Full-texts articles were obtained, and studies were included in the review if they met the following criteria: (i) studies performed in China, (ii) studies performed in chickens, (iii) cross-sectional studies, (iv) the studies on the etiological or serological investigation of ILT, and (v) studies with more than 20 clinical samples of ILT with specific data.

The exclusion criteria were as follows: (i) studies investigating suspected cases, (ii) studies on non-chicken avian species (e.g., ducks, birds, and turkeys), (iii) republished articles, and (iv) studies with less than 20 samples, and (v) literature reviews.

Literature review was performed independently by two reviewers. If the results were inconsistent, the discrepancies were resolved by a third party or through discussion and negotiation. Articles that did not meet the inclusion criteria were excluded. The screened literature for individual chicken prevalence was carefully read, and the following information was collected: author and publication year, sampling time and sampling location, the total number of samples collected and the number of positive samples, and diagnostic methods. Authors were contacted by email if any data were missing.

Literature quality assessment

Cross-sectional studies in animals differ from randomized clinical trials; their systematic evaluation methods are not mature, and there is no control group in such studies. Therefore, the systematic evaluation methods of animal cross-sectional clinical trials were adjusted on the basis of Cochrane quality evaluation, and the study quality was assessed by evaluating the following six items using RevMan 5.4. Scores were assigned on the basis of a simple scale: 2 for “yes,” 1 for “not sure,” and 0 for “no.” Are the research questions/objectives clearly described and stated? Are animal characteristics and sampling sites clarified? Is the sampling method explained in detail? Is the virus detection method clearly indicated? Are the respondents divided into different subgroups? Is the measurement outcome subject to subjective influence?

The review and identification of the literature were carried out independently by two researchers, and if the results were inconsistent, the discrepancies were resolved by a third party through discussion or negotiation. Studies for which the total quality evaluation value was lower than 7 points were excluded from statistical analysis.

Statistical and heterogeneity analyses

Stata software (version 15) was used for meta-analysis, and the double-arcsine transformation (PFT) method was used to bring the data closer to normal distribution [9]. The PFT conversion formula was as follows:

$$\textrm{t}=\textrm{asin}\ \left(\textrm{sqrt}\ \left(\textrm{r}/\left(\textrm{n}+1\right)\right)+\textrm{asin}\ \left(\textrm{sqrt}\ \left(\textrm{r}+1\right)/\left(\textrm{n}+1\right)\right)\right)$$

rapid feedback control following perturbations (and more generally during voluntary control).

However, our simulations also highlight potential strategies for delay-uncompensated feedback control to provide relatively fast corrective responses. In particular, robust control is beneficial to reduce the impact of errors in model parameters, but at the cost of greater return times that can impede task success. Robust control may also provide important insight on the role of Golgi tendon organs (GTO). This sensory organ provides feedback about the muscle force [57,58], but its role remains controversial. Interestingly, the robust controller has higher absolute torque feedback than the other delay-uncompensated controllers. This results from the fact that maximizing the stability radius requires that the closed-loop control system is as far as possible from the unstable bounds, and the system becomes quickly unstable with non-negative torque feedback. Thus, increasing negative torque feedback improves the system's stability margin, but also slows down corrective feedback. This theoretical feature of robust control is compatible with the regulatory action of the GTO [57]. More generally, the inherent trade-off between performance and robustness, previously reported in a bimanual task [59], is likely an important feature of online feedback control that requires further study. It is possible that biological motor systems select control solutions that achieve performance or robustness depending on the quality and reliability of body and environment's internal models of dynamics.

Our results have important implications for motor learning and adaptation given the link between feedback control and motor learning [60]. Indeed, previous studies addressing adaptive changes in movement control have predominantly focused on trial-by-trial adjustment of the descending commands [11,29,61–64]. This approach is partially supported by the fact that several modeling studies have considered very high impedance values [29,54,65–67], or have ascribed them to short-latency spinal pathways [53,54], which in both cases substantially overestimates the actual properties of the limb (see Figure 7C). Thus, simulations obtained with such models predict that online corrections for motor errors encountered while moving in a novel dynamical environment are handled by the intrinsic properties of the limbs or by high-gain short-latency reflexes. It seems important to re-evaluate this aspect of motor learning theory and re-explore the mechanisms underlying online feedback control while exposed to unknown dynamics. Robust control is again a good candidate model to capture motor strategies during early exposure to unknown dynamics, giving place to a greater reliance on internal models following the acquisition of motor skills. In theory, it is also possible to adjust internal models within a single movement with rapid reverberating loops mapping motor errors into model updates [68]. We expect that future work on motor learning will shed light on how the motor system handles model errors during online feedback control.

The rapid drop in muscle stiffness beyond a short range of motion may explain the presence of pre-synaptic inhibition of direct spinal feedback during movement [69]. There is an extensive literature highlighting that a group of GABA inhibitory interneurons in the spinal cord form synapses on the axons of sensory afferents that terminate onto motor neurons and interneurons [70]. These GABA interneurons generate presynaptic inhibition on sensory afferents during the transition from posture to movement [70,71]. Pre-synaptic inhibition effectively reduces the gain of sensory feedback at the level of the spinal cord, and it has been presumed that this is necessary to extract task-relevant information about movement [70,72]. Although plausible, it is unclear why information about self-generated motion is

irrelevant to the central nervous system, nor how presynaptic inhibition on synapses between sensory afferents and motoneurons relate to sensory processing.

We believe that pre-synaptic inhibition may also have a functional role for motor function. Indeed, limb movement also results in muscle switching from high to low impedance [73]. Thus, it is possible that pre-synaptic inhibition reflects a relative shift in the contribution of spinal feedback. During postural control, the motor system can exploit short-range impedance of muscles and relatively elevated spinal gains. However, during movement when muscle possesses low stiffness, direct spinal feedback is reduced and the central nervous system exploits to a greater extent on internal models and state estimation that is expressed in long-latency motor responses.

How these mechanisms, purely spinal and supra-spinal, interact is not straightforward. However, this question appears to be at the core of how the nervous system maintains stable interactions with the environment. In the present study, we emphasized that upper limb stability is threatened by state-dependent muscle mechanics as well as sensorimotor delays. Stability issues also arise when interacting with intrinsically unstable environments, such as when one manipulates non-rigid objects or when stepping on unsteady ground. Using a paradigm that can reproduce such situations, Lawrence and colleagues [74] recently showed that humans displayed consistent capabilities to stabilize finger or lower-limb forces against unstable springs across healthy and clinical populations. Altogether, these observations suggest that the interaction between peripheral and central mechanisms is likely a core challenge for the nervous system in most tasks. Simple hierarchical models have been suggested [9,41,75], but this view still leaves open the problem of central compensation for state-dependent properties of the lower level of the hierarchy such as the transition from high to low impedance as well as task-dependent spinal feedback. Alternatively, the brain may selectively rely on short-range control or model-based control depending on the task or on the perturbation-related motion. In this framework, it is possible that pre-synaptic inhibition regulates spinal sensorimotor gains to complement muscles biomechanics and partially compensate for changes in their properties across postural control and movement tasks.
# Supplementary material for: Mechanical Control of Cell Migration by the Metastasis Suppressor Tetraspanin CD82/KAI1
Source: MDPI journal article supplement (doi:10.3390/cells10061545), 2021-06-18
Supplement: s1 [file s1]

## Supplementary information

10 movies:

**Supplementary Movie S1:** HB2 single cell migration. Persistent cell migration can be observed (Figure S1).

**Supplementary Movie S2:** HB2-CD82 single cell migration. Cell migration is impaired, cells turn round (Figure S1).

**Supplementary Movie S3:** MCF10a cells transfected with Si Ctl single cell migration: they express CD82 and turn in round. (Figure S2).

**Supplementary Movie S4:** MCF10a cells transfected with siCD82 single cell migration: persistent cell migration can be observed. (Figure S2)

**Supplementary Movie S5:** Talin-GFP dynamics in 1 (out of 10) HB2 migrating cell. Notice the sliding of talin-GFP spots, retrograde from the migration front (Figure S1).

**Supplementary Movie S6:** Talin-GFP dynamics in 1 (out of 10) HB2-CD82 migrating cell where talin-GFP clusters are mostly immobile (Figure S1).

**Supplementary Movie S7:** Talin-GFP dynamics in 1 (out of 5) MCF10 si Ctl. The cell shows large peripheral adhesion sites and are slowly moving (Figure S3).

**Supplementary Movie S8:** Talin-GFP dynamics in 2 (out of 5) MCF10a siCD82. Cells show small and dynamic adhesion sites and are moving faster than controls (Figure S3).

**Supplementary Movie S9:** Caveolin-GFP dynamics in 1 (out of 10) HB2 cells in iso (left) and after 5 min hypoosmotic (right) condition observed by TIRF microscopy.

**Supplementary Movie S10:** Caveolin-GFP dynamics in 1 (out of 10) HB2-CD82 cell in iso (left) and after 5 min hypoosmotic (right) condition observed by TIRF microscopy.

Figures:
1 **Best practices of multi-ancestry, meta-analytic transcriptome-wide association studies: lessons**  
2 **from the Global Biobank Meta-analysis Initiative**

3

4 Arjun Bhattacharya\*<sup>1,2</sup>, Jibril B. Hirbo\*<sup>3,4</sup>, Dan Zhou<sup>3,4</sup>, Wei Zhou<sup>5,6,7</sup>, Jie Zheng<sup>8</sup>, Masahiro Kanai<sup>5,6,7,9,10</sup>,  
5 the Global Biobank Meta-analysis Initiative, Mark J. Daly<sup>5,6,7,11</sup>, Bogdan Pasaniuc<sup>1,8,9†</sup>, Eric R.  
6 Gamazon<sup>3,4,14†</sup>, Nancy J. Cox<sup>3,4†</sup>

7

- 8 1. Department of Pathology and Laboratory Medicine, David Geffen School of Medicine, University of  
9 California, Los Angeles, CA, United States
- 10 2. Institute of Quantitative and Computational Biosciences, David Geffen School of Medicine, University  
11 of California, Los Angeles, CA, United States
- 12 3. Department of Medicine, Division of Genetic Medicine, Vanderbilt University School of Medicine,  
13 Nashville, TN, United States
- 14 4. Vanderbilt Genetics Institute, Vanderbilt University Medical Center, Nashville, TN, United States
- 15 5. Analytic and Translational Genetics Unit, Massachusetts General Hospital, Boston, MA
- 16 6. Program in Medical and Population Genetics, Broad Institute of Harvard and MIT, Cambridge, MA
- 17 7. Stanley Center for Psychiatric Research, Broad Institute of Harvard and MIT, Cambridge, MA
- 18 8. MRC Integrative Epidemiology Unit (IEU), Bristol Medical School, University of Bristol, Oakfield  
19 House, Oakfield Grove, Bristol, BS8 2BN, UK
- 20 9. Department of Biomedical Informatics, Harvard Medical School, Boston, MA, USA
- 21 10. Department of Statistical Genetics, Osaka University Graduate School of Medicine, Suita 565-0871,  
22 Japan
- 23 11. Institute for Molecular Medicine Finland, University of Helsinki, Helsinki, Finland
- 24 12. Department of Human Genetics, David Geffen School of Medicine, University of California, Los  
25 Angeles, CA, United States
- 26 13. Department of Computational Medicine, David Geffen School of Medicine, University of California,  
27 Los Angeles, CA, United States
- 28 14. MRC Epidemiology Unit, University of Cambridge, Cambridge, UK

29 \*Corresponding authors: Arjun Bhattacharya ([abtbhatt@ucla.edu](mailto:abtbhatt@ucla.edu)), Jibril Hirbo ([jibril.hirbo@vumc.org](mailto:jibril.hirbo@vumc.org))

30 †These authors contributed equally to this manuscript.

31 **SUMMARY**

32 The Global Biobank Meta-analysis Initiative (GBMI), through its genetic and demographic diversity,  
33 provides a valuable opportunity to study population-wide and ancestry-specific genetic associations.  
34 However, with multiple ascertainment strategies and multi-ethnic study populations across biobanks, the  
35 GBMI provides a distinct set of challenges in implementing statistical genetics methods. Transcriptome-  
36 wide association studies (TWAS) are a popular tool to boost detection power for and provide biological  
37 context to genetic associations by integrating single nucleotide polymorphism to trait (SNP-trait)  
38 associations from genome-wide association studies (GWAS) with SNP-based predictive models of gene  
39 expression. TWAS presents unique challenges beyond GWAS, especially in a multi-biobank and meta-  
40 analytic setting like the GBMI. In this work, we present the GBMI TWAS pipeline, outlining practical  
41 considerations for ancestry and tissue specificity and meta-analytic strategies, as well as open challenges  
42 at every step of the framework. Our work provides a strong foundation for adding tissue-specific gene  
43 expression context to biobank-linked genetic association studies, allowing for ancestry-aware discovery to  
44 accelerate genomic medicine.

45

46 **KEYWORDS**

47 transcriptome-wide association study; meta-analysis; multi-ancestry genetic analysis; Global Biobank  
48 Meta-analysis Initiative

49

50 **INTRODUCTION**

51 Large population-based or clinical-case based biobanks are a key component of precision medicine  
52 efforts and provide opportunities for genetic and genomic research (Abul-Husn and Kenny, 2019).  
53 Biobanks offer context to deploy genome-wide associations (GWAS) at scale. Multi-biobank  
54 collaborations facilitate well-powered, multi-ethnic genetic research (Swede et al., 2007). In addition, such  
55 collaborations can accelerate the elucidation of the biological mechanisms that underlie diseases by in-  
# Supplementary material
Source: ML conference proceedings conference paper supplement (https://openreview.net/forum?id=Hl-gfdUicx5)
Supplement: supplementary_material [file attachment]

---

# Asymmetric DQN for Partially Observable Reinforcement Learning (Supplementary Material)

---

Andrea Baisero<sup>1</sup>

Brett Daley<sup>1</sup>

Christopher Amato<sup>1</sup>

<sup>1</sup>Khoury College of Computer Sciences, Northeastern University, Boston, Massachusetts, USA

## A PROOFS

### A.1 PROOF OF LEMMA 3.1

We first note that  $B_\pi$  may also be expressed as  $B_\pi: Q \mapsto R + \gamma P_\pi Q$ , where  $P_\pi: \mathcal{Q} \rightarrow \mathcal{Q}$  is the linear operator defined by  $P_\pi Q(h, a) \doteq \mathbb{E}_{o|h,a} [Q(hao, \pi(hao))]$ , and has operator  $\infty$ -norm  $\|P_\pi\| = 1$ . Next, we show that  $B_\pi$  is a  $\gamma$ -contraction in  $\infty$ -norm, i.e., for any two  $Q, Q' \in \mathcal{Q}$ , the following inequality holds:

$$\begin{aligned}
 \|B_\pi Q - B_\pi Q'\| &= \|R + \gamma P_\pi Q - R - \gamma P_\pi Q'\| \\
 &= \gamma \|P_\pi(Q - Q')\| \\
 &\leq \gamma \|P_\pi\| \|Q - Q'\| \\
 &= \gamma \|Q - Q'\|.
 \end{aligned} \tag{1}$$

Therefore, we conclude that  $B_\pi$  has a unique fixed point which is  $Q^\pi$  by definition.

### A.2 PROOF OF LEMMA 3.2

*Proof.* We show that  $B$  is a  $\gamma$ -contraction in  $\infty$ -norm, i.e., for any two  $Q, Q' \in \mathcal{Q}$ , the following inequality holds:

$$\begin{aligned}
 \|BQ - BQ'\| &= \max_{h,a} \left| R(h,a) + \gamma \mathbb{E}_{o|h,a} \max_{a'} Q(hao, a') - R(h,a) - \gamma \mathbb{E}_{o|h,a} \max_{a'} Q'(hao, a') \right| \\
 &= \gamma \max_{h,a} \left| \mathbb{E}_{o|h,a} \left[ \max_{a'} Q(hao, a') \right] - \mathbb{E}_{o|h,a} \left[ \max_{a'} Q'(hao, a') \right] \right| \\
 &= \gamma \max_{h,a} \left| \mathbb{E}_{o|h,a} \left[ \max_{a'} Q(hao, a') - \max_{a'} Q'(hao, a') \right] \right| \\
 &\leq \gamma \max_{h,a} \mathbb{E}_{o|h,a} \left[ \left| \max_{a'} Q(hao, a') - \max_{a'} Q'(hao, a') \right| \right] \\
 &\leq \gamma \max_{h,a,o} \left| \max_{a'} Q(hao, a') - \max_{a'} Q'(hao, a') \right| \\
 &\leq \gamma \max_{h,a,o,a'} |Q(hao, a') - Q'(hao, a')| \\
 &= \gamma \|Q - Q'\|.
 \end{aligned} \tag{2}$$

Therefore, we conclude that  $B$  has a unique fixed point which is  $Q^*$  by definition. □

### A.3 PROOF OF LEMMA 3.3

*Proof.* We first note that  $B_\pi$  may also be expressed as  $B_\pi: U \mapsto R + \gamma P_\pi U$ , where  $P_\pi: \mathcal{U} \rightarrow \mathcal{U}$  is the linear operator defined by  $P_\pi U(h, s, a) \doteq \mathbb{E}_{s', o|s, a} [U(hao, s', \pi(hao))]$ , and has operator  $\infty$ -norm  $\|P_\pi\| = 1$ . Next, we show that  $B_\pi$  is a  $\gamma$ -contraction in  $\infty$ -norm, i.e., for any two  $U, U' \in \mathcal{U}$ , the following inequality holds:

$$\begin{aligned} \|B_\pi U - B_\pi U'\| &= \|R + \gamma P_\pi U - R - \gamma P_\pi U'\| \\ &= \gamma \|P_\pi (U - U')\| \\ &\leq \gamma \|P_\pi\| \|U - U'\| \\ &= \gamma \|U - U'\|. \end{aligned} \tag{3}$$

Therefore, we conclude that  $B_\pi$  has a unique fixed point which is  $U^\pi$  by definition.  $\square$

$$\textrm{set}=\textrm{sqrt}\ \left(1/\left(\textrm{n}+1\right)\right)$$
$$p=\mathit{\sin}\ \left(t/2\right)\hat{\mkern6mu} 2$$

where t is the detection rate after conversion, n is the total number of samples, r is the number of positive samples, set is standard error, and p is the final detection rate.

The p value and I2 value were further used to evaluate the heterogeneity between studies, and the appropriate effect model was selected to express the effect size with 95% confidence interval (CI). When p ≥ 0.1 and I2 < 50%, it was considered that there was no statistical heterogeneity among the study effect sizes, and a fixed-effects model was applied. In contrast, p < 0.1 and I2 ≥ 50% indicated the presence of statistical heterogeneity among the study effect sizes, and a random-effects model was applied.

A forest map was used to depict the overall results of the meta-analysis. Then, a funnel plot and Egger test were used to estimate the publication bias in this study, with p < 0.05 indicating the presence of significant publication bias, and p ≥ 0.05 indicating a low risk of publication bias [49]. In asymmetric funnel plots, trim-and-fill method was used to interpolate potentially missing studies and estimate the corrected prevalence [28, 30]. Furthermore, sensitivity analysis was used to test the robustness of the results obtained in this study [50], and heterogeneity factors were identified using subgroup analysis.

Availability of data and materials

Data available on request from the authors.


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Supported by the 111 Project D18007;

A Project Funded by the Priority Academic Program Development of Jiangsu Higher Education Institutions (PAPD).

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Authors and Affiliations



XH and TZ contributed to conception and design of this analysis. XH and X-PZ reviewed records, HZ and XZ analyzed the data. XZ and TZ re-analyzed the disagreements. HZ conducted statistical analysis. XH and HZ prepared the manuscript. All authors reviewed the manuscript and approved the submission.

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Correspondence to Tangjie Zhang.

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Hong, X., Zhang, H., Zhang, X. et al. A meta-analysis for prevalence of infectious laryngotracheitis in chickens in mainland China in 1981–2022. BMC Vet Res 20, 142 (2024).